Leaving the party from right down the street, we ran to his front door, laughing the entire way. I promised myself not to drink in front of him, I do not enjoy the feeling anyhow. He did not make a similar promise to himself. He grabbed my hand and led me the entire time we ran. On his porch he held me like I have never been held and kissed me in a way which felt so new yet so familiar. We forgot our situations, our trials and tribulations. We were only us, pure and true.

September 14. Why do we want those who want us to be who they expect us to be, not who we are?

“Natalie, can I be honest with you?” We stood on the porch of Mikey’s. Everyone else calls him Mike, I like Mikey. It was midnight and everyone else was inside partying. He had just smoked a cigarette and I hated it, every part of it. That is how my grandfather died, granted it was sixty years of cigarettes, but sixty year’s worth cannot start without the first. But I stayed silent, it was his decision to smoke it and I would tell him later what I thought. “Sure, what’s up?” “I’m really surprised you didn’t say anything about that cigarette.” “I didn’t love it, but what can I do but tell you it’s bad for you, I can’t make your decisions for you.” “That’s wild.” “Why?” “If you were her, I would be in a screaming match right now.” “I don’t scream. Anger doesn’t die when met with more anger. I choose to use my words, not my hands.” I looked at the scars on his neck, on his arm. “You’re so different.”

“I would hope so.” “I really like it.”

September 20. How do you know what a feeling is when you have never felt it before?

I realized what I hold for him in my heart is love. True love. It’s terrifying. September 29. We claim we want joy yet remove ourselves from those who bring us the most joy. Why? We are told to be fiercely independent, but no one can escape the reality of needing human connection, it moves society forward. When we find the best form of human connection, why do we run away? Perhaps because we are scared of the unknown.

Behind the wheel with heavy tears in my eyes. I looked away from him to hide the pain. We pulled into the parking lot and walked around the dock. The sun set and we marveled at it, my wishes still unsaid. We waited until every star that was bright enough to be seen through the light pollution was out. “When I was a kid I thought when the sun went down it was like a giant fort. The sky is just a tattered cloth and the stars are where the light shines through.” He nodded, not knowing what to say to that. “I think we should just be friends.” “Hmm,” he waited for me to finish the thought. He knew there was more to my words. He knows my mind works in complex circles. “And I think it would be best for me, and you, to not speak for a little while.” He agreed and we walked back to the car and we drove home. We walked to opposite sides of the street. When I closed my door, I thought it would be the final time for a while. He still reached out for days to come, not respecting my space.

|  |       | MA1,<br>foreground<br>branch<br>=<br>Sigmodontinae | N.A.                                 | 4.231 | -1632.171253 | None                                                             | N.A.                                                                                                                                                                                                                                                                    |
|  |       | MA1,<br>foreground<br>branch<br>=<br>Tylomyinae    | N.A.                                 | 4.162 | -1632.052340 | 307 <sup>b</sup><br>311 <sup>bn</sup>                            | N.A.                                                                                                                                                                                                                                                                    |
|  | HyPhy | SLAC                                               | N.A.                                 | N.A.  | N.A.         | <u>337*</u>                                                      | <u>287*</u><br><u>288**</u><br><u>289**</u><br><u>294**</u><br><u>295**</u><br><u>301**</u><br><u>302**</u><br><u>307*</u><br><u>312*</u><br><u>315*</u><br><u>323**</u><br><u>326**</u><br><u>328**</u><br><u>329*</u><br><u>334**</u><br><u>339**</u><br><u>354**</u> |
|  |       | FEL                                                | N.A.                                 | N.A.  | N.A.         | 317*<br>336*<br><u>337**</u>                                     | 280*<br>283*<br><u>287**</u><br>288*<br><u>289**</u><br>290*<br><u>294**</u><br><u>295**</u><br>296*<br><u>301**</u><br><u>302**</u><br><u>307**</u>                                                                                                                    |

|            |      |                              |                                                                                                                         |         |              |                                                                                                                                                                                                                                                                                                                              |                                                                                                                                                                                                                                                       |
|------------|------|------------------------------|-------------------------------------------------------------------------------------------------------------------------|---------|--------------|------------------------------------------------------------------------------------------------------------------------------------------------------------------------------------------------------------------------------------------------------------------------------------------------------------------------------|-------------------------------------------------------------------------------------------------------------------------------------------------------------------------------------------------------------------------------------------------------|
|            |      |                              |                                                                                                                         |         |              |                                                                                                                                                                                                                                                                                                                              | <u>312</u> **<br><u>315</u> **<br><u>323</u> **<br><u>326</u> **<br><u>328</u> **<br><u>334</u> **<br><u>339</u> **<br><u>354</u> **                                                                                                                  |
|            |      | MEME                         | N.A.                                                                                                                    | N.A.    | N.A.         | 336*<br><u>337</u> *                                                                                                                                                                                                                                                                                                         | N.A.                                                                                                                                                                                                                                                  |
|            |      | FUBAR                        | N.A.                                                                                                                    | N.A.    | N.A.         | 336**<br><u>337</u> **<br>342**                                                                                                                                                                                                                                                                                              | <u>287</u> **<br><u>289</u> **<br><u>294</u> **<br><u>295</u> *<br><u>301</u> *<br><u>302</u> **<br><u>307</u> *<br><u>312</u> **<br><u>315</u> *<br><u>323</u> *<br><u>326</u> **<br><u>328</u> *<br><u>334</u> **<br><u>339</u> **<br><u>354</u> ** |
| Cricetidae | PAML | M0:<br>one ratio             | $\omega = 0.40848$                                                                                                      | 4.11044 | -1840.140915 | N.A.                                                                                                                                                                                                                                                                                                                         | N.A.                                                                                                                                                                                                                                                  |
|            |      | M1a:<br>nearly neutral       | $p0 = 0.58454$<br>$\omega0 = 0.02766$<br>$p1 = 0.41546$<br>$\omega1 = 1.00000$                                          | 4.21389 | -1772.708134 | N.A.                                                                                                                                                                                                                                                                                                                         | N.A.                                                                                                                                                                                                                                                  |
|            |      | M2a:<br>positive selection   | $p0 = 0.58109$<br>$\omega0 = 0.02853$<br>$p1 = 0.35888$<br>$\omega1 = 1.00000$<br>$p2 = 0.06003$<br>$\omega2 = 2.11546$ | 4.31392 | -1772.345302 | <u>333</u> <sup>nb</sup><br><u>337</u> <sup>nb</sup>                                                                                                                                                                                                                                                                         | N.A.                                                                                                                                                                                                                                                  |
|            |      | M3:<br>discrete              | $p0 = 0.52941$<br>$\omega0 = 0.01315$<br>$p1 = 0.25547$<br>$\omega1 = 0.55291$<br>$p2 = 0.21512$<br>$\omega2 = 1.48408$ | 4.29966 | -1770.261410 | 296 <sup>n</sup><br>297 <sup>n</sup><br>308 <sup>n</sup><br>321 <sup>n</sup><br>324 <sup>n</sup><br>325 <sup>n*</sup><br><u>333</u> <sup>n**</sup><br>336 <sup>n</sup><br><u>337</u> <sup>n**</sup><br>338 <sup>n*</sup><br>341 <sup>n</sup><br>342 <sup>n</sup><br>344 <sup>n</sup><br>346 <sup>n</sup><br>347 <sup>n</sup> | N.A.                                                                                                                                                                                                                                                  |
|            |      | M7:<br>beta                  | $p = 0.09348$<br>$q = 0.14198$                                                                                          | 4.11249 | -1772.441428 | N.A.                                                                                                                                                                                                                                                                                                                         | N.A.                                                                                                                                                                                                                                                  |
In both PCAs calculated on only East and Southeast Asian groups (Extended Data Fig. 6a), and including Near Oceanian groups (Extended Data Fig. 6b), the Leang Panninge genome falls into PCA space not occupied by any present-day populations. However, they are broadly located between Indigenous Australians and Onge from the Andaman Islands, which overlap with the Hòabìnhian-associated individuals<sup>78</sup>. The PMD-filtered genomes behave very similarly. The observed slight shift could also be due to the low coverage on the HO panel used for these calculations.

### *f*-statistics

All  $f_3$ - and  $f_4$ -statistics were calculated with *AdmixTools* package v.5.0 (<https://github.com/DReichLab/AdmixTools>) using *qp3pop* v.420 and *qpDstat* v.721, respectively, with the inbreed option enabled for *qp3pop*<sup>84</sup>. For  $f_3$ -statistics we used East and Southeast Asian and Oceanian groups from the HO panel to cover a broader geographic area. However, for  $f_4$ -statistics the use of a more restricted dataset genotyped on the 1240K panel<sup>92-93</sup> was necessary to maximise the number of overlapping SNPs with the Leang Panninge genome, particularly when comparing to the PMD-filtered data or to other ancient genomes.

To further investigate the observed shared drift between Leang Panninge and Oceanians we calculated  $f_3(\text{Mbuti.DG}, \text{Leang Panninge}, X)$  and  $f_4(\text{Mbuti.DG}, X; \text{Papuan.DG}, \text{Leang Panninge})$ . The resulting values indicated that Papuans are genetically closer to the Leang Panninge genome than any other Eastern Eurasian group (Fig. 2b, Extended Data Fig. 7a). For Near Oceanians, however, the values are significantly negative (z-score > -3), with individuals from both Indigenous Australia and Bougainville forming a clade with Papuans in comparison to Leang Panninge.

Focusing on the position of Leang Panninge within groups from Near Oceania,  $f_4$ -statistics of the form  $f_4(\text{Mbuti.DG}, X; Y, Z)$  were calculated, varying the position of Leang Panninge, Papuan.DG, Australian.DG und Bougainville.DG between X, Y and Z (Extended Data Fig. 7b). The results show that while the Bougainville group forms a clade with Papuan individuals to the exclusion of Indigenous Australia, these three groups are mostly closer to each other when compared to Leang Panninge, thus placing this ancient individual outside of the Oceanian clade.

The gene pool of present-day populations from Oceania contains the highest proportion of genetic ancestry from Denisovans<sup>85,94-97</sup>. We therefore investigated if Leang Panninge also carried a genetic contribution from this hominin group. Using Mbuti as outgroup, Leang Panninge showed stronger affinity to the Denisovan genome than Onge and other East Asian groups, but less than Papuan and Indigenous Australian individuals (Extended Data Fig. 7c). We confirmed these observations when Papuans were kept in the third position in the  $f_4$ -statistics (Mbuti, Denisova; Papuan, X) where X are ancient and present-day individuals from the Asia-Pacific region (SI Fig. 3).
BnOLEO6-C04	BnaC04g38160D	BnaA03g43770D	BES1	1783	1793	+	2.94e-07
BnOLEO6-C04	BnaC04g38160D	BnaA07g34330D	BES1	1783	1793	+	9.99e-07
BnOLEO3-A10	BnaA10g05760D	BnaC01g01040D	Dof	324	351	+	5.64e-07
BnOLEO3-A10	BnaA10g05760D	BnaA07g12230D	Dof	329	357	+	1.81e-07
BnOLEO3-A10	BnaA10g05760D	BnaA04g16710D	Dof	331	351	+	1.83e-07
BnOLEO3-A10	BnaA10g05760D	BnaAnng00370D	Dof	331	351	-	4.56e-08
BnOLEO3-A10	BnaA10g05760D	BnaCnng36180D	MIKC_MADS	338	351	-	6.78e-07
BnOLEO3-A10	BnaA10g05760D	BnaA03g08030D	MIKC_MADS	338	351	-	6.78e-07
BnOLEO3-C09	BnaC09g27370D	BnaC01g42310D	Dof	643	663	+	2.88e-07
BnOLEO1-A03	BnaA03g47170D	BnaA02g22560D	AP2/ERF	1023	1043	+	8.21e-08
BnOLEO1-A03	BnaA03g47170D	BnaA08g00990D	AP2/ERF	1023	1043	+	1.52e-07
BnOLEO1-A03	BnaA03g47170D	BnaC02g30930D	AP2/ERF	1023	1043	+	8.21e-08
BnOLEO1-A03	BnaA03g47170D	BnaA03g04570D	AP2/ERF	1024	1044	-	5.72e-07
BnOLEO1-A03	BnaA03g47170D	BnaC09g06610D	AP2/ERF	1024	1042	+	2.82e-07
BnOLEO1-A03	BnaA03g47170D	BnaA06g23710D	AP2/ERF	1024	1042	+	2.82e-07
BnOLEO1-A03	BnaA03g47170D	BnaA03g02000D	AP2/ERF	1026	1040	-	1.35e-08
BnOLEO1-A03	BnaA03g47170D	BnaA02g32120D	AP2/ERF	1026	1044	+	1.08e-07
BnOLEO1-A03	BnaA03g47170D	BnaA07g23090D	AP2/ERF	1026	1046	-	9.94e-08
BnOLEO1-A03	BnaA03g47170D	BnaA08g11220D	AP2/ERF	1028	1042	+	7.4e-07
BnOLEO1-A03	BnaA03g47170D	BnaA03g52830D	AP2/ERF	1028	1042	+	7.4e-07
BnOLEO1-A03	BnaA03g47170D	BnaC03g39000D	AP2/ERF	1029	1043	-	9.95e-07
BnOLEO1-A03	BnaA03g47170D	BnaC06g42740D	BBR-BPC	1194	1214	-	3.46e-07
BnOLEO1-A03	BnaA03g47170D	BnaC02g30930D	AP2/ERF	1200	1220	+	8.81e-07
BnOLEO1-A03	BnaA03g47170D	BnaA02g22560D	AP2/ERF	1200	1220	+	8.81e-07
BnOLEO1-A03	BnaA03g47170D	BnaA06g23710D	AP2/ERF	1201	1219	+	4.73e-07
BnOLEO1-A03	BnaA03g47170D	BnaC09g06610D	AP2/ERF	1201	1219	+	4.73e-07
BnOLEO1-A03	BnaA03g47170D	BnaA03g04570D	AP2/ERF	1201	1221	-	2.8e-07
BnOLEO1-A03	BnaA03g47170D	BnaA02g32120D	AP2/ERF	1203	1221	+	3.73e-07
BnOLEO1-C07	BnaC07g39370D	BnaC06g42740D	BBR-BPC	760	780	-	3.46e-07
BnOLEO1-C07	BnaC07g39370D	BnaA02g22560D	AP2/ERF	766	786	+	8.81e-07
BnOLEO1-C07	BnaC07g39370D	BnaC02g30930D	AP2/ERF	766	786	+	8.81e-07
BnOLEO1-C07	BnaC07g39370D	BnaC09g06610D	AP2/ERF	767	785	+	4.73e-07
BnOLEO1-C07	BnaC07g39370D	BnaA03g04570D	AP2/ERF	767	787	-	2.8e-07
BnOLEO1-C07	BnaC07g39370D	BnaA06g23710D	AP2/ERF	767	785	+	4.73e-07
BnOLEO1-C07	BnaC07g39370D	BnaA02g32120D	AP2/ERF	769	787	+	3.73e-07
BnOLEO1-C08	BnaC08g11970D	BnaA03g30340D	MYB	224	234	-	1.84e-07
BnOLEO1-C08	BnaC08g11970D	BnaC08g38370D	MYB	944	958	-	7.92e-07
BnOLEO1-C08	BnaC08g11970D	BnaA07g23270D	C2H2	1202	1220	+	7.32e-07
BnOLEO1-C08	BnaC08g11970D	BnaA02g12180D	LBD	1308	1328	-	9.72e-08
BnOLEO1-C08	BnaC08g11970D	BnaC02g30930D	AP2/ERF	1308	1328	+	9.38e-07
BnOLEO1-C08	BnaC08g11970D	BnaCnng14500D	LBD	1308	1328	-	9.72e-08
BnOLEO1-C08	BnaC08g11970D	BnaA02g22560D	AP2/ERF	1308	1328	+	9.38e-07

I have not spoken to him comfortably since that night under the tattered cloth.

October 8. Why do we say the things we do? Why do we say things we do not mean, sometimes the complete opposite of what we mean? We are scared of the truth, but what terrifies us is what would happen if the truth came out.

He held me in the middle of my kitchen, gave me a hug because he knew I was broken, and he knew he was one of many who was handed the hammer and decided to take a hit instead of setting it down. I believed he would be the first to set it down. He held me like I have never been held before. Our breathing synced. I was scared. “I hate you.” My words came out seamlessly, but so did my tears. He looked at me, knowing I had to say it as protection. He hated to hear it. “You don’t hate me, Natalie.” “Don’t tell me how I feel. I hate you.” Through small sobs I managed to tell him, “get out of my house.” Then he left.

October 18. What happens when the truth comes out?

Neither of us were in the right headspace. We stood, holding each other like a lifeline, in the middle of my room. The colored Christmas lights lit up his face. I said his name. He said, “hmm?” I said, “I need space from you. I need to not be around you.” “Why?” “I love you.” The truth finds a way. “Natalie, I love you, but I cannot love you in the way you need to be loved right now.” He kissed the top of my forehead. He walked out the door.

The next day at work, Sarah asked him what happened.

He told her, “Natalie said she loves me.” Sarah asked what he

replied with. He said, “I told her never to say that to me again.”

As you wish, Mr. Taylor.


Natalie Harrell